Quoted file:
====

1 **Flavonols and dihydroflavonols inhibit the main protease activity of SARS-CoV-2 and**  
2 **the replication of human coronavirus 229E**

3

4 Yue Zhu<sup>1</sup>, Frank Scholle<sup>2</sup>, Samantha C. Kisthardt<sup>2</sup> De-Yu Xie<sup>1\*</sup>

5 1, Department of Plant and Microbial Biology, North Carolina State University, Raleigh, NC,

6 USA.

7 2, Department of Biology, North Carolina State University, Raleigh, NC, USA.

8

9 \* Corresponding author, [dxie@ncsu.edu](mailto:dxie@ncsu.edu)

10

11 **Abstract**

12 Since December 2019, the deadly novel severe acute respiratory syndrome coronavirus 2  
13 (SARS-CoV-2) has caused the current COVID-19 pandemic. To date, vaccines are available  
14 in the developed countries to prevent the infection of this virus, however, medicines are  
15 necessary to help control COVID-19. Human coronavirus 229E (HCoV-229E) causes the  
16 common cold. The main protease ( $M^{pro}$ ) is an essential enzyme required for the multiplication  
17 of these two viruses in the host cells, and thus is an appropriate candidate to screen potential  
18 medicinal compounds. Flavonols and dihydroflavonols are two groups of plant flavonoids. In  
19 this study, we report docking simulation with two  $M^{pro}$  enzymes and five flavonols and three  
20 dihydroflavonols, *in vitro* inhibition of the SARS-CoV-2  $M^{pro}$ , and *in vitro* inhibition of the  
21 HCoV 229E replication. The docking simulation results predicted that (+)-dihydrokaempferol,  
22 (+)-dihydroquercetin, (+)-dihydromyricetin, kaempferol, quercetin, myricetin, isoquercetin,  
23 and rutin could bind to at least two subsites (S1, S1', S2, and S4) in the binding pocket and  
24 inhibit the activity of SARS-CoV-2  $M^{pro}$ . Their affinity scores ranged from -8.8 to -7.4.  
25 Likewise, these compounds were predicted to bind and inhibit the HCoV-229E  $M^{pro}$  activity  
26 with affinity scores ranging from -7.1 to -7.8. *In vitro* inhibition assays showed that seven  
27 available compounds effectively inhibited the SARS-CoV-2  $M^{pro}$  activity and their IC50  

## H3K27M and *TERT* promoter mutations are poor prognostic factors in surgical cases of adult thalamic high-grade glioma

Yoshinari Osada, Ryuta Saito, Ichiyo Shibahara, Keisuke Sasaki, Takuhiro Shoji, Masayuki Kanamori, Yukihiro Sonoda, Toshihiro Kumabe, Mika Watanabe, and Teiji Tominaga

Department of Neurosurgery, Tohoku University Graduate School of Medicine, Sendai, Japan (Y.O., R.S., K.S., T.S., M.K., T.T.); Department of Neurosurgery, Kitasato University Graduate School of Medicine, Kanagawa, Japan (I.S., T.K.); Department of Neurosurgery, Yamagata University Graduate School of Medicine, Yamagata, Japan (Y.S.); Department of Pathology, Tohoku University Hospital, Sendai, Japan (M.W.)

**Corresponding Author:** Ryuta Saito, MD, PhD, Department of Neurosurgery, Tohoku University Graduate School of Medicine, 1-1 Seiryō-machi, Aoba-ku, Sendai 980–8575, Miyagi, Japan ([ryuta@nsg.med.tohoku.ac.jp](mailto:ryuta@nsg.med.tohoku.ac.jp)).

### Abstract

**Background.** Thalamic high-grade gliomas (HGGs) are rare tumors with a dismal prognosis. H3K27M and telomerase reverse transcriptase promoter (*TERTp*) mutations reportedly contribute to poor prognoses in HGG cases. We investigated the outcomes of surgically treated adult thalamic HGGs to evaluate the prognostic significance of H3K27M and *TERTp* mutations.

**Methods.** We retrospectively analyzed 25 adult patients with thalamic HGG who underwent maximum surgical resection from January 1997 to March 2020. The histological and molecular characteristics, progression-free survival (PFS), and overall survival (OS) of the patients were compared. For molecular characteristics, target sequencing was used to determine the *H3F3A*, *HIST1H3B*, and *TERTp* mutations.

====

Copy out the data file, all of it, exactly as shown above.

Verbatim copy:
1 **Flavonols and dihydroflavonols inhibit the main protease activity of SARS-CoV-2 and**  
2 **the replication of human coronavirus 229E**

3

4 Yue Zhu<sup>1</sup>, Frank Scholle<sup>2</sup>, Samantha C. Kisthardt<sup>2</sup> De-Yu Xie<sup>1\*</sup>

5 1, Department of Plant and Microbial Biology, North Carolina State University, Raleigh, NC,

6 USA.

7 2, Department of Biology, North Carolina State University, Raleigh, NC, USA.

8

9 \* Corresponding author, [dxie@ncsu.edu](mailto:dxie@ncsu.edu)

10

11 **Abstract**

12 Since December 2019, the deadly novel severe acute respiratory syndrome coronavirus 2  
13 (SARS-CoV-2) has caused the current COVID-19 pandemic. To date, vaccines are available  
14 in the developed countries to prevent the infection of this virus, however, medicines are  
15 necessary to help control COVID-19. Human coronavirus 229E (HCoV-229E) causes the  
16 common cold. The main protease ( $M^{pro}$ ) is an essential enzyme required for the multiplication  
17 of these two viruses in the host cells, and thus is an appropriate candidate to screen potential  
18 medicinal compounds. Flavonols and dihydroflavonols are two groups of plant flavonoids. In  
19 this study, we report docking simulation with two  $M^{pro}$  enzymes and five flavonols and three  
20 dihydroflavonols, *in vitro* inhibition of the SARS-CoV-2  $M^{pro}$ , and *in vitro* inhibition of the  
21 HCoV 229E replication. The docking simulation results predicted that (+)-dihydrokaempferol,  
22 (+)-dihydroquercetin, (+)-dihydromyricetin, kaempferol, quercetin, myricetin, isoquercetin,  
23 and rutin could bind to at least two subsites (S1, S1', S2, and S4) in the binding pocket and  
24 inhibit the activity of SARS-CoV-2  $M^{pro}$ . Their affinity scores ranged from -8.8 to -7.4.  
25 Likewise, these compounds were predicted to bind and inhibit the HCoV-229E  $M^{pro}$  activity  
26 with affinity scores ranging from -7.1 to -7.8. *In vitro* inhibition assays showed that seven  
27 available compounds effectively inhibited the SARS-CoV-2  $M^{pro}$  activity and their IC50  

## H3K27M and *TERT* promoter mutations are poor prognostic factors in surgical cases of adult thalamic high-grade glioma

Yoshinari Osada, Ryuta Saito, Ichiyo Shibahara, Keisuke Sasaki, Takuhiro Shoji, Masayuki Kanamori, Yukihiro Sonoda, Toshihiro Kumabe, Mika Watanabe, and Teiji Tominaga

Department of Neurosurgery, Tohoku University Graduate School of Medicine, Sendai, Japan (Y.O., R.S., K.S., T.S., M.K., T.T.); Department of Neurosurgery, Kitasato University Graduate School of Medicine, Kanagawa, Japan (I.S., T.K.); Department of Neurosurgery, Yamagata University Graduate School of Medicine, Yamagata, Japan (Y.S.); Department of Pathology, Tohoku University Hospital, Sendai, Japan (M.W.)

**Corresponding Author:** Ryuta Saito, MD, PhD, Department of Neurosurgery, Tohoku University Graduate School of Medicine, 1-1 Seiryō-machi, Aoba-ku, Sendai 980–8575, Miyagi, Japan ([ryuta@nsg.med.tohoku.ac.jp](mailto:ryuta@nsg.med.tohoku.ac.jp)).

### Abstract

**Background.** Thalamic high-grade gliomas (HGGs) are rare tumors with a dismal prognosis. H3K27M and telomerase reverse transcriptase promoter (*TERTp*) mutations reportedly contribute to poor prognoses in HGG cases. We investigated the outcomes of surgically treated adult thalamic HGGs to evaluate the prognostic significance of H3K27M and *TERTp* mutations.

**Methods.** We retrospectively analyzed 25 adult patients with thalamic HGG who underwent maximum surgical resection from January 1997 to March 2020. The histological and molecular characteristics, progression-free survival (PFS), and overall survival (OS) of the patients were compared. For molecular characteristics, target sequencing was used to determine the *H3F3A*, *HIST1H3B*, and *TERTp* mutations.